In the 2010s, the concept of a circular economy developed. It covers the best business practices manufacturers and companies can apply to reduce as much waste as possible. For instance, you can focus on using renewable resources in order to reduce landfill pollution.
Furthermore, your products can be made so that they are easy to both assemble and disassemble. That way, you will be able to harvest them for reusable parts, as well as the materials you can reintegrate into the production process. Making the products last longer and easy to repair is also crucial. It will extend their life span and keep them away from landfills as much as possible.
Similarities and Differences
When we compare recycling and zero waste, we can definitely see a lot of overlap, but as we stated earlier — they are not the same. As you can see, zero waste is a bit more all-encompassing. While recycling focuses on dealing with the waste you already produced, zero waste aims to eliminate it altogether, completely.
In addition, zero waste living is a lot more involved and complex than recycling, as it entails focusing on many different aspects of both manufacturing and everyday life.
However, the two are similar in a few key aspects:
• They both aim for a greener, pollution-free life.
• They both contain a set of steps you need to follow.
• No matter which one you choose, you will have to make some life changes.
• Both show positive results and are a net benefit to companies and individuals alike.
Which One Should I Choose?
Looking at these two as separate concepts is a bit redundant. After all, based on all of the above, recycling is really just one part of zero waste. So, does that mean it’s logical to pick zero waste over the pair?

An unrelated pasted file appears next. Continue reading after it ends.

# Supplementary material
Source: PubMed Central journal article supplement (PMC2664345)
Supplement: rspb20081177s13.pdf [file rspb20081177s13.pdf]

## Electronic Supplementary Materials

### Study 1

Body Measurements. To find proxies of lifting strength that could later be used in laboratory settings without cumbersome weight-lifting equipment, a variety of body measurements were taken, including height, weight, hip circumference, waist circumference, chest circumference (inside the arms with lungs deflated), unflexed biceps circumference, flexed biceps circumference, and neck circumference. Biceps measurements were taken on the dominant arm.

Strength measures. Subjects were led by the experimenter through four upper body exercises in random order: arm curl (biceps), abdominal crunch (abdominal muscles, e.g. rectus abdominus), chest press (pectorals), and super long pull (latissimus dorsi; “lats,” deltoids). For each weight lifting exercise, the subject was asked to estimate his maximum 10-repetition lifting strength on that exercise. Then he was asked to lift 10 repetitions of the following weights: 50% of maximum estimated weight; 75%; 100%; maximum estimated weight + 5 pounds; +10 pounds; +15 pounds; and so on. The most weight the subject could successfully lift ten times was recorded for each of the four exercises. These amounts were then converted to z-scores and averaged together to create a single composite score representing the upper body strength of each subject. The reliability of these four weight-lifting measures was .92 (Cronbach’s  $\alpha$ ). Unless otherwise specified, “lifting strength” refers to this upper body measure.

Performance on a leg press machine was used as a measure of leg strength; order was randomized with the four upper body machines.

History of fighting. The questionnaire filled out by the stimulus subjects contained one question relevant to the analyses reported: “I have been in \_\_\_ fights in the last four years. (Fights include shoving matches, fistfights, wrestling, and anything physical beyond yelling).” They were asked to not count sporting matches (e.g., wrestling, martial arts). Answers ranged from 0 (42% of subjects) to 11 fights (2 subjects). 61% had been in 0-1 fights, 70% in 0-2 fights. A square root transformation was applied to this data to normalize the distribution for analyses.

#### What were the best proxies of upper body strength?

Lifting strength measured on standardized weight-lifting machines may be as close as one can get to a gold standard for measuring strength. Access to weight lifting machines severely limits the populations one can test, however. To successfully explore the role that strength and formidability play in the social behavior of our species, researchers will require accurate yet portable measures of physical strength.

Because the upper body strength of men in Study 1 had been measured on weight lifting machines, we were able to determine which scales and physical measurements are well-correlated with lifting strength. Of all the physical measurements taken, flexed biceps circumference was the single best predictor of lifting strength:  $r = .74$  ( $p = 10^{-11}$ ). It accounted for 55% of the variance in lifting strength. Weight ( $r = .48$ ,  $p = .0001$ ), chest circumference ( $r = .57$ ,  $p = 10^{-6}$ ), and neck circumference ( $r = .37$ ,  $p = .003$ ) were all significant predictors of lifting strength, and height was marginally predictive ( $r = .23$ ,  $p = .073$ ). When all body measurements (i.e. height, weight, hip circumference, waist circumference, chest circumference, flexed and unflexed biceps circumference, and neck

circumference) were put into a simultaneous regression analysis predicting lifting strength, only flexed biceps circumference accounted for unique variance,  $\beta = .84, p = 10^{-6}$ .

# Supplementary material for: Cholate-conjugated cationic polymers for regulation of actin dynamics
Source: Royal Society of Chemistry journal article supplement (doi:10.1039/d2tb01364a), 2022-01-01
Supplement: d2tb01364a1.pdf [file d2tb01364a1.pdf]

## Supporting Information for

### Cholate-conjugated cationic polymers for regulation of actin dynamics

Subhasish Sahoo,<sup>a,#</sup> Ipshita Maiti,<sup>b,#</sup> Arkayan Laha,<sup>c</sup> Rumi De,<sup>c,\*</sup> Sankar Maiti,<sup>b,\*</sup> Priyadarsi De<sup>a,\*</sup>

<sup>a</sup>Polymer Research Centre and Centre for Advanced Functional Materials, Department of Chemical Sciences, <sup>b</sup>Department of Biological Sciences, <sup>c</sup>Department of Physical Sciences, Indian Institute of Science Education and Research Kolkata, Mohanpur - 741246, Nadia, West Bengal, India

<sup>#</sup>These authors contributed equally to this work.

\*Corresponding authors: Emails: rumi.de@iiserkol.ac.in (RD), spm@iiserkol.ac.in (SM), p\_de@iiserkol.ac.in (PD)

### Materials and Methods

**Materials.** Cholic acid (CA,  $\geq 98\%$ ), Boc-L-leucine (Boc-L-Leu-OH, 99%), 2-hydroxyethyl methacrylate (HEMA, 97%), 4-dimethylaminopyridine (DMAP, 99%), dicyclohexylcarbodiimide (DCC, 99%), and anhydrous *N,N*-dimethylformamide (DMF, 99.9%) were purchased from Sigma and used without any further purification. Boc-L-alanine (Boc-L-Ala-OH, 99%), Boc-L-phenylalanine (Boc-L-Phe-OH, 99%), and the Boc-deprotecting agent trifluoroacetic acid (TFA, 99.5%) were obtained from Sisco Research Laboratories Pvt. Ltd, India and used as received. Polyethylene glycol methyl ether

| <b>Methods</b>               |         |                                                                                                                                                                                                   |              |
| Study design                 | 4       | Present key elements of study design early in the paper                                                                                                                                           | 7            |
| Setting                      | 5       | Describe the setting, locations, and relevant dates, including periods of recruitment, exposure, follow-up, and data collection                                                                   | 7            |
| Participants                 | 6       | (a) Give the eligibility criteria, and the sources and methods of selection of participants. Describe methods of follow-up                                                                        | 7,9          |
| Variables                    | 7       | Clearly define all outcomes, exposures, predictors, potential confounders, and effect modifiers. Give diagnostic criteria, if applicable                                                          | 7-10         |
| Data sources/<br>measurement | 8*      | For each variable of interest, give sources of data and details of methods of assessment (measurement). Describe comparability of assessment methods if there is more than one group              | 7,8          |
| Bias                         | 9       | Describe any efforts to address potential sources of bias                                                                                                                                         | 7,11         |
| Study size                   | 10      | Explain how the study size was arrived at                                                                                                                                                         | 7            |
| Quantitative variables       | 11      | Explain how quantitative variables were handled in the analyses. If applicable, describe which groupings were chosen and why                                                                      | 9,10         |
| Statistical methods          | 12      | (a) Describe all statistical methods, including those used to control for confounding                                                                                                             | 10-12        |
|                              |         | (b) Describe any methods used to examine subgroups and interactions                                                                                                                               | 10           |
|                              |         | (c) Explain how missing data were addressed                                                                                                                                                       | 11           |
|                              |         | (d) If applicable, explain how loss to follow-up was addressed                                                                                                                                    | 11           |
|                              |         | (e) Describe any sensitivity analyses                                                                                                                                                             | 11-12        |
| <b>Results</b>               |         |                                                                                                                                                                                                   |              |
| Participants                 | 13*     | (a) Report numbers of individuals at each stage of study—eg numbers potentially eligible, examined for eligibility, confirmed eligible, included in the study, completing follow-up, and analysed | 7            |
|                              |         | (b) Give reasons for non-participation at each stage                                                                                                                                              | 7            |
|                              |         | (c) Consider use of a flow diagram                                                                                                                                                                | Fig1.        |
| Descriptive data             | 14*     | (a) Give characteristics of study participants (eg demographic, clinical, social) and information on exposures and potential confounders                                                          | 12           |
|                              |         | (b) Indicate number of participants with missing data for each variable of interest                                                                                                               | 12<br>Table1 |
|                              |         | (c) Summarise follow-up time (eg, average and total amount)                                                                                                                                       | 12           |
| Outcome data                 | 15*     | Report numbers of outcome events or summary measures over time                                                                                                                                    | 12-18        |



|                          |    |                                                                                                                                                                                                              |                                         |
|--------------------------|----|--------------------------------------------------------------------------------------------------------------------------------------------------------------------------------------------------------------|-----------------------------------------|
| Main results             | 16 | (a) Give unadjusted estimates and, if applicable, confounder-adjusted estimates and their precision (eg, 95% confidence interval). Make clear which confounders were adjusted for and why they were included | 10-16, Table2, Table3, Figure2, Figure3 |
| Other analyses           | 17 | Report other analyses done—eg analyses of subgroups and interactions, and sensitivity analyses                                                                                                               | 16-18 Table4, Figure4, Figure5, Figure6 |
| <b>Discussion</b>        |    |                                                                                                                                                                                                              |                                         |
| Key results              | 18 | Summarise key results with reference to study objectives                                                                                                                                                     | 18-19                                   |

Well, not necessarily. As stated, zero waste is a complex process that will require changes, both at home and at work. More often than not, people get a bit intimidated by the practice, so they choose not to do it. If you happen to be one of those people, you will want to start slowly — zero waste living is not something you can achieve overnight.
With that in mind, the best place to start your zero waste lifestyle is, in fact, recycling. By separating different types of waste and acquiring the appropriate bins, you will contribute to reducing the amount of trash that ends up polluting the environment.
That will be the perfect first step, followed by trying out some additional zero waste practices. For instance, you can do a trash audit and figure out what you don’t need and what you can reduce via shopping less. In addition, you’ll know exactly which products have non-recyclable items, i.e. items you don’t want to waste. You can even go a step further and start composting your organic waste. The options are endless.
So, in short, you can choose either of the two, but a good way of doing both is to start with recycling and work your way up to more complex zero waste methods.
Zero waste is still a new concept, an expansion of green practices that came before it, like recycling. Hopefully, this article has helped you understand them a bit better and has given you an idea of what you can do to contribute to creating a green, waste-free world.